Category Archives: Arts and Music

Jazz – Discipline and Spontaneity

“Most of us would say that inventing meaning while letting loose is the essence and promise of jazz.”
– Robert Christgau

From its origins in the African-American community of New Orleans in the late 19th century jazz has evolved into the premiere all-American art form, and has been labeled “America’s classical music.” By the 1920’s the genre had been embraced by the mainstream to such an extent that the Twenties and Thirties were declared “the Jazz Age” by author F. Scott Fitzgerald, and European composers including Stravinsky and Ravel incorporated jazz elements into their work.

Developing from roots in country blues, ragtime, field hollers, and spirituals, jazz music is notoriously difficult to define as it embraces many subgenres, among them Dixieland, swing, bebop, hard bop, cool jazz, free jazz, Afro-Cuban, modal jazz, jazz fusion, post-bop, and Latin jazz. However varied these styles, they do share some commonalities, chief among them an emphasis on live performance and on improvisation. Classical music performance is judged by fidelity to the written score and the composer’s intentions; by contrast jazz is more often characterized by interaction and collaboration in the moment. Less value is placed on the composer’s contribution and more on the individual musician’s interpretations of melodies, harmonies, and time signatures. Whereas classical music recordings strive to capture a definitive performance of a given work, jazz recordings document just one interpretation of a piece at a particular moment in time. Because of its improvisational nature no two jazz interpretations are alike, and there are no absolutes. It’s an art form that finds its purest expression in live performance, such as in the UC San Diego Jazz Camp’s Finale Concert.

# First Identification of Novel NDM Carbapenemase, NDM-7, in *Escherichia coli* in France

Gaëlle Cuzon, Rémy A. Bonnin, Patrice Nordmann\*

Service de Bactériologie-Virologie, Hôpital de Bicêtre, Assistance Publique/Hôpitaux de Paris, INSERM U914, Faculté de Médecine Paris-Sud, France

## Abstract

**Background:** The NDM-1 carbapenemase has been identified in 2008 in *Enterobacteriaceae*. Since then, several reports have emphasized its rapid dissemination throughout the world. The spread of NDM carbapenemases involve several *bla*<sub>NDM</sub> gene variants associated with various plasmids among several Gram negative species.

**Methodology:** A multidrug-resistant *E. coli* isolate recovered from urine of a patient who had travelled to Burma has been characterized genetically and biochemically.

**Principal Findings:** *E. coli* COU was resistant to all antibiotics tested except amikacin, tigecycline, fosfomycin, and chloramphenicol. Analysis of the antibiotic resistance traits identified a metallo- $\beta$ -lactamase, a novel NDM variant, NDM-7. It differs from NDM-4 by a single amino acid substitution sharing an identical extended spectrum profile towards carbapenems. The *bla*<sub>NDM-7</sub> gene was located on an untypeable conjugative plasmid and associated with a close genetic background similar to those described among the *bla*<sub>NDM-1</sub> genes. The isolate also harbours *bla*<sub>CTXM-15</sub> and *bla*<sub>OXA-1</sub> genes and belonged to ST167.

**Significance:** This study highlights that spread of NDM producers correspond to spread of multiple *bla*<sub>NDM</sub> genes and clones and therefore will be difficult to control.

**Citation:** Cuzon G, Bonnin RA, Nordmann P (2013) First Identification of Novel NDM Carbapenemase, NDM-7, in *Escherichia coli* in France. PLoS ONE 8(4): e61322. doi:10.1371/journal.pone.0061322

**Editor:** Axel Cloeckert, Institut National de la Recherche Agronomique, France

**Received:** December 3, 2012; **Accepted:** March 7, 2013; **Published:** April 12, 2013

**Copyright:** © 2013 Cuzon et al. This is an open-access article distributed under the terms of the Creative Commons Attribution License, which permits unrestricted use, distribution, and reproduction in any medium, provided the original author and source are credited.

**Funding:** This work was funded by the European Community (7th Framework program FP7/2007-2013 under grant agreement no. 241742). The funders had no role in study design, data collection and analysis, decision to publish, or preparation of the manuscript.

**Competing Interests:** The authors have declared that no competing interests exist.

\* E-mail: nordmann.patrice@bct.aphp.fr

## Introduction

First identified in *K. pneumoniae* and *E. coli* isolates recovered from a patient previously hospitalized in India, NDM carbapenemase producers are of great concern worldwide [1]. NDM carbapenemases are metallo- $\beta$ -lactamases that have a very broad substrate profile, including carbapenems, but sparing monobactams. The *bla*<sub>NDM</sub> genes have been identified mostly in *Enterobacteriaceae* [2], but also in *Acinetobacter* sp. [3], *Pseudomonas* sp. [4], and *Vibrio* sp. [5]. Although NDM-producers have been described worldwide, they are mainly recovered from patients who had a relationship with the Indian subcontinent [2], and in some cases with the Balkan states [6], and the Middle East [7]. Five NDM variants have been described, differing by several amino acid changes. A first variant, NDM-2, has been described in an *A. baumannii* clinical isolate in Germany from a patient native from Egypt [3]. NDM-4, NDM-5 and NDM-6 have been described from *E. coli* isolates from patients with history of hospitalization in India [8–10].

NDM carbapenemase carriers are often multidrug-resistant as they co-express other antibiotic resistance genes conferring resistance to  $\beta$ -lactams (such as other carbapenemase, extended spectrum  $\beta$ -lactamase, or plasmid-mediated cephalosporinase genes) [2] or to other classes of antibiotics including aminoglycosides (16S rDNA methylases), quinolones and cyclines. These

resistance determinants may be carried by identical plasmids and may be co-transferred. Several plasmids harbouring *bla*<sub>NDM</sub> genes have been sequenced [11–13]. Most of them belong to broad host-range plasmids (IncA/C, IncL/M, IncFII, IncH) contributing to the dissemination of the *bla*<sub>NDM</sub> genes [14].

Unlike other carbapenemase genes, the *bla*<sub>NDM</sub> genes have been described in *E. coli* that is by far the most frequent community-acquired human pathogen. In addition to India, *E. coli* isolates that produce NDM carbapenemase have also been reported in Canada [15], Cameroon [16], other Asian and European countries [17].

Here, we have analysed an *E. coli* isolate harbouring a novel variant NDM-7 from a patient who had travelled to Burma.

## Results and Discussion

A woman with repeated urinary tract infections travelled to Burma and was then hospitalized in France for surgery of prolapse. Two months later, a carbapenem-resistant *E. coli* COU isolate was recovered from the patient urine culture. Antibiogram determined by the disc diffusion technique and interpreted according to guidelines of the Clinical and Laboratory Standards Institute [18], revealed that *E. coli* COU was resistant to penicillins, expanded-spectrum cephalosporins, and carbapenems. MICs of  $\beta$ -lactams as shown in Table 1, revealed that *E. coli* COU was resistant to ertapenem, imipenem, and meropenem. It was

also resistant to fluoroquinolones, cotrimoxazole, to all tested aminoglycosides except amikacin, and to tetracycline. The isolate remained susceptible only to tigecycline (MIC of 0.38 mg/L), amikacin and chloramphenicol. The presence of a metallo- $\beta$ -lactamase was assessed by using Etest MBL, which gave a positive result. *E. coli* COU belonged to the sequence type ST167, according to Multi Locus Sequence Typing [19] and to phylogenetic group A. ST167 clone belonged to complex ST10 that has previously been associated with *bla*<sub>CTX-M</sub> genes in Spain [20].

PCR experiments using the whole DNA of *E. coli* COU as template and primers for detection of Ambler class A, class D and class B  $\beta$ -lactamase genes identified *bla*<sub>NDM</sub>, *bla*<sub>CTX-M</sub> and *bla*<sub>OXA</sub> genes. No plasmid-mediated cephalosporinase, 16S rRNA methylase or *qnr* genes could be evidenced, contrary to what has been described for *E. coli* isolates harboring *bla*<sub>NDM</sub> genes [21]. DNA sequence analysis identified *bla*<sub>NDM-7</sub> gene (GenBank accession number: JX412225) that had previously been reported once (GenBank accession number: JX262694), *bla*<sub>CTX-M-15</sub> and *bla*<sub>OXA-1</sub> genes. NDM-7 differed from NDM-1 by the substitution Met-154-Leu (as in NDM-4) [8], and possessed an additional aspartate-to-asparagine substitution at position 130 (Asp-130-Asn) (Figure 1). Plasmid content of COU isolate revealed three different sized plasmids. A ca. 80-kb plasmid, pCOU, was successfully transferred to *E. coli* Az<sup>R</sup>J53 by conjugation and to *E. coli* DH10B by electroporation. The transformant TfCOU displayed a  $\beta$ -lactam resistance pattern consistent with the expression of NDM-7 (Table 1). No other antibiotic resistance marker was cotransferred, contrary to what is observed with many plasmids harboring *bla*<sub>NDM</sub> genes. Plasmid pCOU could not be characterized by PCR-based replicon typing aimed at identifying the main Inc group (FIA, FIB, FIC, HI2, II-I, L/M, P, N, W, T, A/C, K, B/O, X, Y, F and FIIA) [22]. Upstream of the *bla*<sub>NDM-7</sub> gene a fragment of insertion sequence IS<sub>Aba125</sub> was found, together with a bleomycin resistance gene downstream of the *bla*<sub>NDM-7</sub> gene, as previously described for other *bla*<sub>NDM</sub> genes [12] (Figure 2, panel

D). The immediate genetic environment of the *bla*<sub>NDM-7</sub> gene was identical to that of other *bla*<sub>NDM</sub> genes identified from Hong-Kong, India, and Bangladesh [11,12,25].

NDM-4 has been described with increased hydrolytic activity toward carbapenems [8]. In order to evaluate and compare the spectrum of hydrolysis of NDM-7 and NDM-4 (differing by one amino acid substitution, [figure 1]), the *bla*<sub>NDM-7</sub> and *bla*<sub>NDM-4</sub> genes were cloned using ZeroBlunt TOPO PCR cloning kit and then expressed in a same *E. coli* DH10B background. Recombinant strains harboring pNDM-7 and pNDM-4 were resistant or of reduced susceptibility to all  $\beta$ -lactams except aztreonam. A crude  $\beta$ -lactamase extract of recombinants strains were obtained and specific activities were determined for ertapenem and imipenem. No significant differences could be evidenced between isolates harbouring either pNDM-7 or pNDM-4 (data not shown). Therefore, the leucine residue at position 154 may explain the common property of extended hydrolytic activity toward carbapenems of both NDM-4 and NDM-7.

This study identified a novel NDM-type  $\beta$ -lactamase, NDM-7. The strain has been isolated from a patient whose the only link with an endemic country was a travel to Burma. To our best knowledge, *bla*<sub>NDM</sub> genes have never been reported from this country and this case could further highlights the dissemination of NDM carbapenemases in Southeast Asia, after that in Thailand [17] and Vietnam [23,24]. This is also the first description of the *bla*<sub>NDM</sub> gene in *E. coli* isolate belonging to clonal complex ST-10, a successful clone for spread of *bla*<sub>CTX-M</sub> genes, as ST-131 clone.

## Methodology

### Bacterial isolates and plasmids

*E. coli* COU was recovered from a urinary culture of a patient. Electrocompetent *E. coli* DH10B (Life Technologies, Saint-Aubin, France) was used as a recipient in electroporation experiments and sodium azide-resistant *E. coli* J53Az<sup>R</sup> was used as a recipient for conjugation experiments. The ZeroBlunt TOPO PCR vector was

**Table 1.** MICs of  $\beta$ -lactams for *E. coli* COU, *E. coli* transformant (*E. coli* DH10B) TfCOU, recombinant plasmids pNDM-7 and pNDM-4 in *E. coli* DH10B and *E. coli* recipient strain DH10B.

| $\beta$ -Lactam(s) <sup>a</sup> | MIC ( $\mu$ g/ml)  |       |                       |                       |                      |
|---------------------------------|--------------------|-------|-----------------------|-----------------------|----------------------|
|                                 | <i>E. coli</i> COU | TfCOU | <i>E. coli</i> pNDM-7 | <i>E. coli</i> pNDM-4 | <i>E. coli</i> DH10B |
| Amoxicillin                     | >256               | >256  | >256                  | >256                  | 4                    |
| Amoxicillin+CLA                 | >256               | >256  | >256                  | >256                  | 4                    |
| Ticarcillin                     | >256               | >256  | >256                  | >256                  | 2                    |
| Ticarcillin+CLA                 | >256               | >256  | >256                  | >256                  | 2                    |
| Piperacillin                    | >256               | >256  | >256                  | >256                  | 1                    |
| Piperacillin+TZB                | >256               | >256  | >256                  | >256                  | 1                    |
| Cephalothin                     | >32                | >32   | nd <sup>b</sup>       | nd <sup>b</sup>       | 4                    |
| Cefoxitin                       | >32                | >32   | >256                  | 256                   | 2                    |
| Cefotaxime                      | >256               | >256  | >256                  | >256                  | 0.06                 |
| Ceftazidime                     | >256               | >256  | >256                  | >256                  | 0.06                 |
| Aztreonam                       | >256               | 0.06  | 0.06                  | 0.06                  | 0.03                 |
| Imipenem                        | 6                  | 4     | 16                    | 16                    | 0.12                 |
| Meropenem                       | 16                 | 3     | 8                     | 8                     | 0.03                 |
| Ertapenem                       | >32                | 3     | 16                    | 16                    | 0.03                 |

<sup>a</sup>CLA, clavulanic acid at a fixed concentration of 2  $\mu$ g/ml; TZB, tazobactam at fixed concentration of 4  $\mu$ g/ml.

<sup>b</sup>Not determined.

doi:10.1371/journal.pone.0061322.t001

UC San Diego Jazz Camp is an annual week-long intensive workshop for students aged 14 and older. Attendees are mentored by a distinguished faculty of music professionals and educators in a variety of jazz-related topics, including theory, composition, improvisation, critical listening, technology, performance practice, and ensemble performance. Students are grouped into ensembles under the tutelage of a faculty member, and rehearse standards and original compositions for the Camp’s Finale Concert before an audience of family, friends, and jazz aficionados. In the process student musicians are introduced to that combination of group interplay and individual expression, of discipline and spontaneity, that is unique to jazz.